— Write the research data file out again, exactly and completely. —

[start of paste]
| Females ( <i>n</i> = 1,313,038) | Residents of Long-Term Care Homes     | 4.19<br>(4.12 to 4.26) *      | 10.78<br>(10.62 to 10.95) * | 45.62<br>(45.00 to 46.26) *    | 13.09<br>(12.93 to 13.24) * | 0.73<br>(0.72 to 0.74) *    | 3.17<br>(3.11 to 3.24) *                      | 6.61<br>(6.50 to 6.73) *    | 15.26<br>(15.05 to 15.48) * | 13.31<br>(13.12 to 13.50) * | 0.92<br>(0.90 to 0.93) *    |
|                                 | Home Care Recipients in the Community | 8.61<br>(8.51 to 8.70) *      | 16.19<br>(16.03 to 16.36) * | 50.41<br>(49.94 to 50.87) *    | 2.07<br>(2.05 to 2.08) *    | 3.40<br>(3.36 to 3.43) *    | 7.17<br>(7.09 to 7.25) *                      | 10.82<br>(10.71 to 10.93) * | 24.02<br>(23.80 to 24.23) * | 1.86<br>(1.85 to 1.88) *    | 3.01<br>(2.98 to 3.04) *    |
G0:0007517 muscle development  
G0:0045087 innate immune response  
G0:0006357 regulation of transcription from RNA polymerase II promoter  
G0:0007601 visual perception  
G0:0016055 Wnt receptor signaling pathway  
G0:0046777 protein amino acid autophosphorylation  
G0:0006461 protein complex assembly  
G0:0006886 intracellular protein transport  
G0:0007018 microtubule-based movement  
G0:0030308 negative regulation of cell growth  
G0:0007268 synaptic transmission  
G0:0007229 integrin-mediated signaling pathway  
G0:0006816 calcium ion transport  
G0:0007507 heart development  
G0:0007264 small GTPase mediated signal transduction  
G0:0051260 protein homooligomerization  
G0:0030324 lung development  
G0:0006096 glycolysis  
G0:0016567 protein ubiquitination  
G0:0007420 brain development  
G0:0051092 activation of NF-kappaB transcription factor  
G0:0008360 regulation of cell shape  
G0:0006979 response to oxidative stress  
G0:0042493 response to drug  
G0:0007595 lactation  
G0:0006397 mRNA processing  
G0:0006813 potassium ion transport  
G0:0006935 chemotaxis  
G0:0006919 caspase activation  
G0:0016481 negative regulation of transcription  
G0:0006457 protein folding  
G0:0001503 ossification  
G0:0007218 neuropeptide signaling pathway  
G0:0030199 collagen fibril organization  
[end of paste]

| Females ( <i>n</i> = 1,313,038) | Residents of Long-Term Care Homes     | 4.19<br>(4.12 to 4.26) *      | 10.78<br>(10.62 to 10.95) * | 45.62<br>(45.00 to 46.26) *    | 13.09<br>(12.93 to 13.24) * | 0.73<br>(0.72 to 0.74) *    | 3.17<br>(3.11 to 3.24) *                      | 6.61<br>(6.50 to 6.73) *    | 15.26<br>(15.05 to 15.48) * | 13.31<br>(13.12 to 13.50) * | 0.92<br>(0.90 to 0.93) *    |
|                                 | Home Care Recipients in the Community | 8.61<br>(8.51 to 8.70) *      | 16.19<br>(16.03 to 16.36) * | 50.41<br>(49.94 to 50.87) *    | 2.07<br>(2.05 to 2.08) *    | 3.40<br>(3.36 to 3.43) *    | 7.17<br>(7.09 to 7.25) *                      | 10.82<br>(10.71 to 10.93) * | 24.02<br>(23.80 to 24.23) * | 1.86<br>(1.85 to 1.88) *    | 3.01<br>(2.98 to 3.04) *    |
G0:0007517 muscle development  
G0:0045087 innate immune response  
G0:0006357 regulation of transcription from RNA polymerase II promoter  
G0:0007601 visual perception  
G0:0016055 Wnt receptor signaling pathway  
G0:0046777 protein amino acid autophosphorylation  
G0:0006461 protein complex assembly  
G0:0006886 intracellular protein transport  
G0:0007018 microtubule-based movement  
G0:0030308 negative regulation of cell growth  
G0:0007268 synaptic transmission  
G0:0007229 integrin-mediated signaling pathway  
G0:0006816 calcium ion transport  
G0:0007507 heart development  
G0:0007264 small GTPase mediated signal transduction  
G0:0051260 protein homooligomerization  
G0:0030324 lung development  
G0:0006096 glycolysis  
G0:0016567 protein ubiquitination  
G0:0007420 brain development  
G0:0051092 activation of NF-kappaB transcription factor  
G0:0008360 regulation of cell shape  
G0:0006979 response to oxidative stress  
G0:0042493 response to drug  
G0:0007595 lactation  
G0:0006397 mRNA processing  
G0:0006813 potassium ion transport  
G0:0006935 chemotaxis  
G0:0006919 caspase activation  
G0:0016481 negative regulation of transcription  
G0:0006457 protein folding  
G0:0001503 ossification  
G0:0007218 neuropeptide signaling pathway  
G0:0030199 collagen fibril organization  